Two astronauts are alive after dramatically aborting their voyage to the International Space Station when their Russian Soyuz rocket malfunctioned.
Russian news agencies reported that the crew had safely made an emergency landing and were in radio contact and that rescuers were en route to pick them up.
NASA rookie Nick Hague and second-time flyer Aleksey Ovchinin of the Russian space agency were setting off for a six-month mission at the International Space Station Thursday, on a relatively rare two-man launch.
The crew were returning to Earth in "a ballistic descent mode", according to Nasa.
The Kremlin confirmed the men had survived.
They were to dock at the International Space Station six hours later, but the booster suffered engine failure minutes after the launch.
Search and rescue crews are on their way to the Soyuz capsule, and were likely to reach it by 11.30pm, NZ time.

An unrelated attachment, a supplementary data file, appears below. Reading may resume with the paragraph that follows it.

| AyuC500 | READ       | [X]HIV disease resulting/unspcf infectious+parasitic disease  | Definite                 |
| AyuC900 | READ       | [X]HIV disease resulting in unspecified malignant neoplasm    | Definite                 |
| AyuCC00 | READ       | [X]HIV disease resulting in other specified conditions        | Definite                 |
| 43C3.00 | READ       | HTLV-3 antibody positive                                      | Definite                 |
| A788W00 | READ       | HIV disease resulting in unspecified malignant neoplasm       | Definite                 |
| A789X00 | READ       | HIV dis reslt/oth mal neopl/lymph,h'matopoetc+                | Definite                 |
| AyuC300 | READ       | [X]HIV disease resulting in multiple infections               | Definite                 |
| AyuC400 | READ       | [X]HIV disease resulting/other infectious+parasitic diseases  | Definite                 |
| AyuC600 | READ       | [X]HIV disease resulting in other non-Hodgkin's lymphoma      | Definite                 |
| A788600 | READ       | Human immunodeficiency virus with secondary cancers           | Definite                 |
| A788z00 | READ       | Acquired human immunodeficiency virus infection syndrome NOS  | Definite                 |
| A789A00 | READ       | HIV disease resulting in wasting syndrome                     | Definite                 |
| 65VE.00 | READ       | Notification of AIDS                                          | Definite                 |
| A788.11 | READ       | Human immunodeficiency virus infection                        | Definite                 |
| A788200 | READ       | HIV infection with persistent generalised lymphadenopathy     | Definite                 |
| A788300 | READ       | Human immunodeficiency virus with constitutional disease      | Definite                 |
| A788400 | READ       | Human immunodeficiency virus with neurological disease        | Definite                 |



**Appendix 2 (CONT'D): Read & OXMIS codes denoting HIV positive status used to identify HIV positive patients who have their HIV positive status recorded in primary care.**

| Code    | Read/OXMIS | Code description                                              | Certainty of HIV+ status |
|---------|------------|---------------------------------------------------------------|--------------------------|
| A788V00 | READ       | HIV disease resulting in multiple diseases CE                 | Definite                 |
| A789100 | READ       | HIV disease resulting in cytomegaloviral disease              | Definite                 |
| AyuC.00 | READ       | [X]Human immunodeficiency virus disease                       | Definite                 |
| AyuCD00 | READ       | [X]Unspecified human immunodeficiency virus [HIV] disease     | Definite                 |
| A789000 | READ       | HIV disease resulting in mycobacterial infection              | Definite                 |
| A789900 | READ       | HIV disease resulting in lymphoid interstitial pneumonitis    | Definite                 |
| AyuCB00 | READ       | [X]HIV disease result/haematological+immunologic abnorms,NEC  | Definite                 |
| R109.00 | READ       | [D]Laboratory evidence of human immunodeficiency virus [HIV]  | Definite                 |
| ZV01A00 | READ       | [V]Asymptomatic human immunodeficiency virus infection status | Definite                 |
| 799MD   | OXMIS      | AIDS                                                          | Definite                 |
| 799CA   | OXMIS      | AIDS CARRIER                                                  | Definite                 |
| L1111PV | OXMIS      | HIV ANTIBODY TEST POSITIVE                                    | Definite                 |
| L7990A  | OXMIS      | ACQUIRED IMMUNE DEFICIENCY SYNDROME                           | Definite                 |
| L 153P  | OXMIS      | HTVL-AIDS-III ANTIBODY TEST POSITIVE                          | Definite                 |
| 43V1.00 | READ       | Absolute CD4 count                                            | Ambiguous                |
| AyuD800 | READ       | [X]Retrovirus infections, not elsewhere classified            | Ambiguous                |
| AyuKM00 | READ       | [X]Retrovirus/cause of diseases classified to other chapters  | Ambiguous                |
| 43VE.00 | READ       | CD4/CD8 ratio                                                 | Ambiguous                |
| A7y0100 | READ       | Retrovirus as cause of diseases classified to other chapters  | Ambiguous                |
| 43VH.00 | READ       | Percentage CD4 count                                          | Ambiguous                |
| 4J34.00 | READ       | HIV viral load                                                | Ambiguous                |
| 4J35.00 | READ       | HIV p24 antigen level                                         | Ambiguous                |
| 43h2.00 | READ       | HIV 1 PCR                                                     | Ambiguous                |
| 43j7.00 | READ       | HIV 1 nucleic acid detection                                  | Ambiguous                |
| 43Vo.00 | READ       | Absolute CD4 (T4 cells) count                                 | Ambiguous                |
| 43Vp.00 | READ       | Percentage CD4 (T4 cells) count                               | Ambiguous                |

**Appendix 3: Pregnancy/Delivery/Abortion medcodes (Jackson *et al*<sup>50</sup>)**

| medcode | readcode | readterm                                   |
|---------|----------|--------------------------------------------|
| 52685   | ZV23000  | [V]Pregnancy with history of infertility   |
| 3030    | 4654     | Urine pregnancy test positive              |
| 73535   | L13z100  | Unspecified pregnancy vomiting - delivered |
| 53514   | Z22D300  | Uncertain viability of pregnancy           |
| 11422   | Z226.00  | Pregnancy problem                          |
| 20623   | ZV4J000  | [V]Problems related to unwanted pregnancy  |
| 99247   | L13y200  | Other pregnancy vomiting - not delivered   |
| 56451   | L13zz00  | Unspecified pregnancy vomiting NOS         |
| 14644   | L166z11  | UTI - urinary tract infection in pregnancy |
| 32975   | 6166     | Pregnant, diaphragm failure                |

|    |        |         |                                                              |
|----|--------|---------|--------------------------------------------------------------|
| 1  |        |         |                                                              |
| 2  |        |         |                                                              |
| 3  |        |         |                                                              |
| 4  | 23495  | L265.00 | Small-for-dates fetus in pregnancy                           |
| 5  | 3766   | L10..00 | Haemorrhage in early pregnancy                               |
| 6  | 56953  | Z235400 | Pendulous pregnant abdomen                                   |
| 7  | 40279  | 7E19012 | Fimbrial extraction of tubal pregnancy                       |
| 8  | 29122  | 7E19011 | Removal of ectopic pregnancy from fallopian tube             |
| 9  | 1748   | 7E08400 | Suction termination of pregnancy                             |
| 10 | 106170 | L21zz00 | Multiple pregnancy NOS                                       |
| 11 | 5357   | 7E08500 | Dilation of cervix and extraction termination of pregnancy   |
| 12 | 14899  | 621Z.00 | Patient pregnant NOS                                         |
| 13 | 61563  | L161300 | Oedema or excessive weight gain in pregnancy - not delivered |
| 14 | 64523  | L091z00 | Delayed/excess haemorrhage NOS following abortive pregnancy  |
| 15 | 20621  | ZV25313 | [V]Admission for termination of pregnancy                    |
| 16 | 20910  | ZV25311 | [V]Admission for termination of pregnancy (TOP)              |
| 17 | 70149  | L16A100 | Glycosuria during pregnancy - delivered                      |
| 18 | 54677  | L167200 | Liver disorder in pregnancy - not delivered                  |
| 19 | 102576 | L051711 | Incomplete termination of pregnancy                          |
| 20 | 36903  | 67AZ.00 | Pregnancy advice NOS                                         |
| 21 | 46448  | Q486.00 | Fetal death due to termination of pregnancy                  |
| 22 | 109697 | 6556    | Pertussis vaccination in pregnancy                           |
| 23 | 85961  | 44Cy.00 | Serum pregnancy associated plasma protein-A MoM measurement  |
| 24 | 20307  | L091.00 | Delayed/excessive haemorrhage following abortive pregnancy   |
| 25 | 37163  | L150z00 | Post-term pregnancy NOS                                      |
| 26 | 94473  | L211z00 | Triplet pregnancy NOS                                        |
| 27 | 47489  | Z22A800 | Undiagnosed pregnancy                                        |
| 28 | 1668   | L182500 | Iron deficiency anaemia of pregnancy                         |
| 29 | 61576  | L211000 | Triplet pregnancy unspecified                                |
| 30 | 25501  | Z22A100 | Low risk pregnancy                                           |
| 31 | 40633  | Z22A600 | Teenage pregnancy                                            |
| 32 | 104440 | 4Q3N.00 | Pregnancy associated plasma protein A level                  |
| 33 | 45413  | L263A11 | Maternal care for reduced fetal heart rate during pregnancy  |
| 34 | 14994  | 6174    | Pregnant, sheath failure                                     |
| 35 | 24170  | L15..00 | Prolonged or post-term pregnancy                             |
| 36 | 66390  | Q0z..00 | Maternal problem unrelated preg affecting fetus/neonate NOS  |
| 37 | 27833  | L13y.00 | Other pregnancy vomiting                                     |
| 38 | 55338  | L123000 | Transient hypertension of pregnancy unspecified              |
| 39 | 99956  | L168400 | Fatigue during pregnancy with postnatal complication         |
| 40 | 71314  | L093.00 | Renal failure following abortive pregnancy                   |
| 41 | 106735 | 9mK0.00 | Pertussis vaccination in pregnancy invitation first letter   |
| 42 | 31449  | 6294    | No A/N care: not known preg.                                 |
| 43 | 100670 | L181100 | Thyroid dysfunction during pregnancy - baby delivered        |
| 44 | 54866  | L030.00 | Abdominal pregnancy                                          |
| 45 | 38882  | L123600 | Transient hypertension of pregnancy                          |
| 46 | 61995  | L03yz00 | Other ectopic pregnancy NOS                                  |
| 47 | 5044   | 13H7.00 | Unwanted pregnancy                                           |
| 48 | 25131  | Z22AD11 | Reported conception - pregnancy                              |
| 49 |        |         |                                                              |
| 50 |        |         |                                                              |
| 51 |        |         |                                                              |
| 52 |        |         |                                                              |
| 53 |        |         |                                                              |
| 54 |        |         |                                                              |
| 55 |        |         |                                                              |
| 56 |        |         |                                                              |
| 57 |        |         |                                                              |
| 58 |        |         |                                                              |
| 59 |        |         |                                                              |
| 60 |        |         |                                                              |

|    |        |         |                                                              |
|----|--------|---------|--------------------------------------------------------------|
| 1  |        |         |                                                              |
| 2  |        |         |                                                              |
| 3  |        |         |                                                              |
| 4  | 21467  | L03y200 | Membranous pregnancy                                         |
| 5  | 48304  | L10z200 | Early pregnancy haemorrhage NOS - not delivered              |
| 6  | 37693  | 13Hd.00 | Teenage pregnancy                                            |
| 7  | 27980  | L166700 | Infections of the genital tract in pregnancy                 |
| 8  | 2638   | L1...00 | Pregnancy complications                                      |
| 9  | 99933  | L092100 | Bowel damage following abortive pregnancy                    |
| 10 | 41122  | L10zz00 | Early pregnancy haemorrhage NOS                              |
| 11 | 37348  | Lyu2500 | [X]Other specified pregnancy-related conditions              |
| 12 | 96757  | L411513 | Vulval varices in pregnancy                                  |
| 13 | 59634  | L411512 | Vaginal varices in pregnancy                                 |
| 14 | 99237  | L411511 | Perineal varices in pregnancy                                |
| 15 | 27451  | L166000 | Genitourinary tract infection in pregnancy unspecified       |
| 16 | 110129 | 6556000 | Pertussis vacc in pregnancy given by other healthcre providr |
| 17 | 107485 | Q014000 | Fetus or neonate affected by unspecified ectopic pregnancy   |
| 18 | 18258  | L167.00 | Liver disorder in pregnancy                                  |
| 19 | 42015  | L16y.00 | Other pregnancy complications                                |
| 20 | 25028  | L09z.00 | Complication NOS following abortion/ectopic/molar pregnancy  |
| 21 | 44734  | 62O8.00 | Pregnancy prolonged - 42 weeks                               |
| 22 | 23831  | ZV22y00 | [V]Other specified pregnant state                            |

Rockets use boosters to provide the thrust they need to launch from Earth and breech the atmosphere.
Russian and USA space officials said that the crew is heading for an emergency landing in Kazakhstan at an unspecified time.
NASA and Russian Roscosmos space agency said the astronauts were in good condition after their capsule landed about 20 kilometers (12 miles) east of the city of Dzhezkazgan in Kazakhstan.
Search-and-rescue teams were headed to the area where the capsule was expected to come down for what a NASA TV announcer said was likely to be a "hard landing". Spacecraft returning from the ISS normally land in that region.